Spring is finally here, tax-filing season has crested, and accounting practices all over the country are about to slide into summer. Similarly, your business clients’ attention is now focused on other tax issues, and while sales tax compliance may not be the first thing on the list, I know it’s one of those areas that’s likely to keep your clients up at night.
Besides actually paying sales tax, calculating, collecting, and remitting sales tax is perhaps the most loathed activity required of your retailing clients. This lack of love for compliance often adversely affects the compliance’s effectiveness, to say the least. Put another way, many of your retailing clients, whether they want to admit it, probably already have a sales tax problem.
If your practice has experience solving deep sales tax problems, stop reading, get a marketing campaign started, and bill some hours! However, if your practice is savvy enough to spot a potential problem with a client’s sales tax house, but perhaps finds the many moving parts daunting, engaging a sales tax specialist might make sense.
Under any circumstances, it is helpful to understand the types of engagements a sales tax specialist might provide.
Sales tax issues come in many flavors, but they are typically triggered by similar events. Often, an audit or other contrary interaction with a sales tax authority gets the ball rolling. Other times, a business activities’ questionnaire arrives in a mailbox or maybe even a competitor is ensnared in sales tax controversy. The bottom line: Most of your retailing clients will eventually come to a moment we’ll delicately call “sales tax introspection.”
When the moment of sales tax introspection is followed by thinly veiled panic at the potential for adverse consequences, some sales tax expertise is probably in order.
Here is a beginner’s list of potential sales tax moving parts and how a sales tax specialist can help:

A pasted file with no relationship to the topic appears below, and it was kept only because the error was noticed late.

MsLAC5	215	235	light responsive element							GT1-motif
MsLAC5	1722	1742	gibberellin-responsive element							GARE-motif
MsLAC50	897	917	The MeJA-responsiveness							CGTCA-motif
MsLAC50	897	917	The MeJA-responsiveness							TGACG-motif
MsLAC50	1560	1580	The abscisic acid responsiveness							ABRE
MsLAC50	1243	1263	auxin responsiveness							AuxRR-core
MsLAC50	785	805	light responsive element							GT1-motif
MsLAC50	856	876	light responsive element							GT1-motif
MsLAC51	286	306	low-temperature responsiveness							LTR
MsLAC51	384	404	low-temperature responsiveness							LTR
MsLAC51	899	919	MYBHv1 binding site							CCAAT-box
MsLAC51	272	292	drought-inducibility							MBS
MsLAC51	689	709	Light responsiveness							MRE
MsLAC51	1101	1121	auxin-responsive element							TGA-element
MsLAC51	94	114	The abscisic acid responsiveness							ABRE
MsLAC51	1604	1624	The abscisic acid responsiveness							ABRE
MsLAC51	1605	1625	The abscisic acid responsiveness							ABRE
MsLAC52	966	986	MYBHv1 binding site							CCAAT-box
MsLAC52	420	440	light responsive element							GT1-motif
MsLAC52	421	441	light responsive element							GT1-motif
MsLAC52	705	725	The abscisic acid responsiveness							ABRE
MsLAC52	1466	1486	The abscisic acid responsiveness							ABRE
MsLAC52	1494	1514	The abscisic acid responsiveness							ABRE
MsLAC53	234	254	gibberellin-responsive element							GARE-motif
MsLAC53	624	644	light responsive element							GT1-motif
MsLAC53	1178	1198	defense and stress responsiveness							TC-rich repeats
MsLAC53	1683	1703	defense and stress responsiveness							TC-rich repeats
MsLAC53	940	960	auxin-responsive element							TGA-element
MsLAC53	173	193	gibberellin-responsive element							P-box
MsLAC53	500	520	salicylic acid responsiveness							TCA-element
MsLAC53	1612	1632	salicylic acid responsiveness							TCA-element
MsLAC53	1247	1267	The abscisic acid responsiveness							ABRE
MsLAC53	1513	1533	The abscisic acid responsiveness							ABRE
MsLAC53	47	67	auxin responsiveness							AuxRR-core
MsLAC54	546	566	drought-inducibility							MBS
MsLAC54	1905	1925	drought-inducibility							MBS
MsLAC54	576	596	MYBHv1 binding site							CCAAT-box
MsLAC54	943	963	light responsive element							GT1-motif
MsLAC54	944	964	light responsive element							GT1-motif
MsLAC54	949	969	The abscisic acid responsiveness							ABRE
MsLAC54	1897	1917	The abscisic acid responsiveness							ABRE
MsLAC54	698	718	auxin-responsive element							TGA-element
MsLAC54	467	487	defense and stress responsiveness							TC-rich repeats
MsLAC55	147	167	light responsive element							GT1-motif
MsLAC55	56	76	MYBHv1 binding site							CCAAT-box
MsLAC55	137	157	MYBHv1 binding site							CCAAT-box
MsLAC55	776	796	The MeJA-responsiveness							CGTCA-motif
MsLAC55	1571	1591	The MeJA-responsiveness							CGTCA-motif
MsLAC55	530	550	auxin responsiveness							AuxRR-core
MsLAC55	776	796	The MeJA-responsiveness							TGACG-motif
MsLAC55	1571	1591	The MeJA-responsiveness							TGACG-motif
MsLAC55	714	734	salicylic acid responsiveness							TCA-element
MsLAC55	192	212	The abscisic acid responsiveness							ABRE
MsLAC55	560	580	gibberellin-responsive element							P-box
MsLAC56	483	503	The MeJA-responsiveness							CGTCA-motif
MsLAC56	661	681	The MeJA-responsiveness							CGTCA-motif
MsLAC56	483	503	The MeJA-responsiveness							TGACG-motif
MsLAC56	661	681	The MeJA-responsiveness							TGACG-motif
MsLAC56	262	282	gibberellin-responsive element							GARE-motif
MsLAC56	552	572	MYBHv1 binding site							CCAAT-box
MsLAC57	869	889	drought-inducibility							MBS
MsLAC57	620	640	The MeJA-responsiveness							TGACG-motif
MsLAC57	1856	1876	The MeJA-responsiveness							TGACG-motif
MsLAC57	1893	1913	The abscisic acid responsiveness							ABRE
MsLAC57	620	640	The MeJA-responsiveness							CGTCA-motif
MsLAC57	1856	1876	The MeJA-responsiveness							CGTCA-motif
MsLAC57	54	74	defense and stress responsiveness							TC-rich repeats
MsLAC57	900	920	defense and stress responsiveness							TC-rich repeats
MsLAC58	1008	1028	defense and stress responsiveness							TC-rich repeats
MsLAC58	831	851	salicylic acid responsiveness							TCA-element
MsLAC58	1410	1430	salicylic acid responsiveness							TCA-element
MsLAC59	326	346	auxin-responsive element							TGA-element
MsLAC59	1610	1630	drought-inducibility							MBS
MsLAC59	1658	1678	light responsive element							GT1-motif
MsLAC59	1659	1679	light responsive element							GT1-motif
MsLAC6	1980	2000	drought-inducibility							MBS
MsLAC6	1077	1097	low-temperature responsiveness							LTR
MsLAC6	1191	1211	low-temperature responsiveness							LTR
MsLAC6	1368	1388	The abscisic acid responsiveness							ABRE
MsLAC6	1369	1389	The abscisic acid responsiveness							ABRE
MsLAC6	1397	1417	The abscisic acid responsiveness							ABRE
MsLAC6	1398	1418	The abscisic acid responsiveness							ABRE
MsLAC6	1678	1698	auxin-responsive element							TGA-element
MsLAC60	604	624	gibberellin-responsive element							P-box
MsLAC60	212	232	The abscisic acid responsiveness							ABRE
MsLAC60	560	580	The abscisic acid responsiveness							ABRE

1. Where should a retailer collect? A nexus study is a logical first step for retailers. This study is typically delivered in a narrative format, broken out by jurisdictions.
A sales tax specialist can apply the various rules surrounding sales tax nexus to answer a critical threshold question: Where is a company obligated to comply with sales tax rules? Remember, sales tax nexus rules are unique to this transactional tax and are dissimilar from income tax, payroll tax, or gross receipts tax rules.
Also, keep in mind that a nexus study occasionally reveals a company does not have a sales tax obligation in states or places where it had concerns about compliance. Whether the news is good or bad, a sales tax nexus study sets the table for the compliance efforts to follow.
2. Is what a retailer sells subject to taxation? A study of the taxability of the objects (goods, services, or both) a client sells is another element critical to forming a sales tax compliance plan. This study is also typically delivered in a narrative format; it may simply distinguish the characteristics of the objects as they pertain to general sales tax principles, or a more granular study may break out treatment of those objects state by state.